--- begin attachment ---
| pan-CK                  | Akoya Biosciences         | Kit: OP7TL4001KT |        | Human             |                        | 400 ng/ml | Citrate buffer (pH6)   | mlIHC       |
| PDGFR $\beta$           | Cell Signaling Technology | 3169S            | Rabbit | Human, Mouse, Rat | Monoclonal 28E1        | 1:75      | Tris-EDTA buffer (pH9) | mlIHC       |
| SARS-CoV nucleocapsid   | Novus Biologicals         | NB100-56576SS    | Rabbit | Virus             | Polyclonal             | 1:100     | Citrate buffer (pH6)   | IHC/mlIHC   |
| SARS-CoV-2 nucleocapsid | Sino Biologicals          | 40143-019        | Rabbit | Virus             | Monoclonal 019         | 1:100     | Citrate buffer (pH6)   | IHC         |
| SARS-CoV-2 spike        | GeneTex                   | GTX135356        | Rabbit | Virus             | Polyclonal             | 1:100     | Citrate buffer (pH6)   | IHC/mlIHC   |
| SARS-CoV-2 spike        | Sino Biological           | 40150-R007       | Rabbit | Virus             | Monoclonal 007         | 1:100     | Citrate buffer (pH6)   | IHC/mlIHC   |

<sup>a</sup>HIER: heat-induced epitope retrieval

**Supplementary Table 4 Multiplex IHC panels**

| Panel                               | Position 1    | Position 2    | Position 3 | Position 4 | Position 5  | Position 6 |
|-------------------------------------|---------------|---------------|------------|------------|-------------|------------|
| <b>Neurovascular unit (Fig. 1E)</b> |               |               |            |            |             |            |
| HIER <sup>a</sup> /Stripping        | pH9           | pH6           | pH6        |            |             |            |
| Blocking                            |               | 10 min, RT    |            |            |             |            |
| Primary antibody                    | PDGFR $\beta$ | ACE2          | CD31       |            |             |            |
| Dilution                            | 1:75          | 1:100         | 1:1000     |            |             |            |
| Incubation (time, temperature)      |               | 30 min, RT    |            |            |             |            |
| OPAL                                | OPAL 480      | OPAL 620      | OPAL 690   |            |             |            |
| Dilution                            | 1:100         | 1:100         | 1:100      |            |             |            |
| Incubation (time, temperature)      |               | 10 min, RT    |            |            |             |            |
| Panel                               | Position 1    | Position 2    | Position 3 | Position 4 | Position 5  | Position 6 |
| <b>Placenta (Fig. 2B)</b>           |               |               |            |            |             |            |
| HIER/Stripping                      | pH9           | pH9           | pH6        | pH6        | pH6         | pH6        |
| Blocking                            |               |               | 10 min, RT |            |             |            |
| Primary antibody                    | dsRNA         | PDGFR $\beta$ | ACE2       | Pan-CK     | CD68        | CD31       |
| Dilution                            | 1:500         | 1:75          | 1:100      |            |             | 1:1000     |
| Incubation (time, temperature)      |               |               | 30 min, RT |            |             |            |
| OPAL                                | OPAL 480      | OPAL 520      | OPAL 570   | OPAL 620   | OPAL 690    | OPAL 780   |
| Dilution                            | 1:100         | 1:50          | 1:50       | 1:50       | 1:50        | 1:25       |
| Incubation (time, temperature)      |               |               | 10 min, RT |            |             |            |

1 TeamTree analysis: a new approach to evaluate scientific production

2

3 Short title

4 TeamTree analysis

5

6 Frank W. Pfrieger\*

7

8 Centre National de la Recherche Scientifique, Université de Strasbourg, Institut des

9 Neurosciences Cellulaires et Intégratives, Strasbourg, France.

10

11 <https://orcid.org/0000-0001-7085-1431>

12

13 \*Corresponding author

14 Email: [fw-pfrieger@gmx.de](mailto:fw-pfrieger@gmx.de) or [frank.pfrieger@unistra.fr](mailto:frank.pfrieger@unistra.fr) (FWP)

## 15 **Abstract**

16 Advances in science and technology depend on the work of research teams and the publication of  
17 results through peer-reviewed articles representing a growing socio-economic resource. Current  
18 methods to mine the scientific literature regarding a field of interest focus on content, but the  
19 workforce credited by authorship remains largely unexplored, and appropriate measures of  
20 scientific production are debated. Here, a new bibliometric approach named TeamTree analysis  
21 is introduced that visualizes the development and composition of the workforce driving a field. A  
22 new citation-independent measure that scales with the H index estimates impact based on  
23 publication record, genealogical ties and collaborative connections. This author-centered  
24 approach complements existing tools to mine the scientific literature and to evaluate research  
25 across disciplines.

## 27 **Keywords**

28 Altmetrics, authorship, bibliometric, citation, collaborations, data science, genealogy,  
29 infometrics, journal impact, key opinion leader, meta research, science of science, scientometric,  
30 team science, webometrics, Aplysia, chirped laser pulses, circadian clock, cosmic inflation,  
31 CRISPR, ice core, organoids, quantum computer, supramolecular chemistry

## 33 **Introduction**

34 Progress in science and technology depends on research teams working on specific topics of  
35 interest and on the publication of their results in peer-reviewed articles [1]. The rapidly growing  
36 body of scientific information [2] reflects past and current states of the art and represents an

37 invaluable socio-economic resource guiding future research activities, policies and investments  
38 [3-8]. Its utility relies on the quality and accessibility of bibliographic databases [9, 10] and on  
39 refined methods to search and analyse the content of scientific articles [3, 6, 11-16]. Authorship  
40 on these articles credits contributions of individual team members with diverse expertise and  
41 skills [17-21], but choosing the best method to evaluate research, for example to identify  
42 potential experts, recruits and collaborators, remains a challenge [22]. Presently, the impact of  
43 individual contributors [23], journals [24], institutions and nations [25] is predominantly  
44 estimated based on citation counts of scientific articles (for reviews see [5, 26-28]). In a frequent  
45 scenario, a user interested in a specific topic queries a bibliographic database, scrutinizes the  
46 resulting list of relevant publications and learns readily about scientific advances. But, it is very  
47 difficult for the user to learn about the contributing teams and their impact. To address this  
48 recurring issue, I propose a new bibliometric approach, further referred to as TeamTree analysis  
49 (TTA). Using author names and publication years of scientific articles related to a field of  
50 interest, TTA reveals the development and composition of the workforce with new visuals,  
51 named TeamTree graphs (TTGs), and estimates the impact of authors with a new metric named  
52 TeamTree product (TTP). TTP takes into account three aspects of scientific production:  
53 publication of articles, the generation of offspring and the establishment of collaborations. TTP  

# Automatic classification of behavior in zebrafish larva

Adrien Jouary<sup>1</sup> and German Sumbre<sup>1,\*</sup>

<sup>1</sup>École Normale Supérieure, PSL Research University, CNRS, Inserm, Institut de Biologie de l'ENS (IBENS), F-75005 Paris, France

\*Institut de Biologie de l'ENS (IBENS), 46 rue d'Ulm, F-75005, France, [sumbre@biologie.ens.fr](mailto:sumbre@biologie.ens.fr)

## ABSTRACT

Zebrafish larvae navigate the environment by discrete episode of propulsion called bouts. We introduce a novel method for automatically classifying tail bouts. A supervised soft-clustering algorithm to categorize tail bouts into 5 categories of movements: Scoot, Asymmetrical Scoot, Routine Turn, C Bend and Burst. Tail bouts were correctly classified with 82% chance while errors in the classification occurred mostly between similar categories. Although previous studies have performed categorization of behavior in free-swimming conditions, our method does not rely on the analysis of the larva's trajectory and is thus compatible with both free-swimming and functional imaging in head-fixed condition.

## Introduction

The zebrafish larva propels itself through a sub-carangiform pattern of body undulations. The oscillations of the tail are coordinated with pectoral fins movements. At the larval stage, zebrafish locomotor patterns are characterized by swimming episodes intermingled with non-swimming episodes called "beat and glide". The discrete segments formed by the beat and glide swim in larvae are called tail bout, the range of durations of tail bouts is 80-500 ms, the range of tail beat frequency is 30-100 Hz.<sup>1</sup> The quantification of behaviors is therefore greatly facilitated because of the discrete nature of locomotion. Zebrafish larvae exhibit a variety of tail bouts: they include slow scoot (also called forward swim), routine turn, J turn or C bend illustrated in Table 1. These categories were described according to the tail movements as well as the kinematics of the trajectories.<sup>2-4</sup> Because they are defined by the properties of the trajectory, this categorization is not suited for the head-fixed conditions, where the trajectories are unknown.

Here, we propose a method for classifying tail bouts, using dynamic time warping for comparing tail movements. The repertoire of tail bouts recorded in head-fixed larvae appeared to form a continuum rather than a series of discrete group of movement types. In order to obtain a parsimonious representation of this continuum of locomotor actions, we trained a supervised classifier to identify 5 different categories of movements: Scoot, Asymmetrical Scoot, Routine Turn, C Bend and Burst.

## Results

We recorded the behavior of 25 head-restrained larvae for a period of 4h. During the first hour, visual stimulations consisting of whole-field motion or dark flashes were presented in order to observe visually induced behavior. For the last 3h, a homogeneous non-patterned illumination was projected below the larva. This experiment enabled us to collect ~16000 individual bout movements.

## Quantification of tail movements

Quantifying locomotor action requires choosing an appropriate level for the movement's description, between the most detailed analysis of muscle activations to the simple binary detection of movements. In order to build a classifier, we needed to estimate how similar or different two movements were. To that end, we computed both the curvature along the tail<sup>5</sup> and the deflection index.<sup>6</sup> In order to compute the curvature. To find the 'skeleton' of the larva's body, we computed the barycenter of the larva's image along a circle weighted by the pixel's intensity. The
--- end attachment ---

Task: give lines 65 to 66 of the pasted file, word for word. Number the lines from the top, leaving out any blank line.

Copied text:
38 [3-8]. Its utility relies on the quality and accessibility of bibliographic databases [9, 10] and on  
39 refined methods to search and analyse the content of scientific articles [3, 6, 11-16]. Authorship  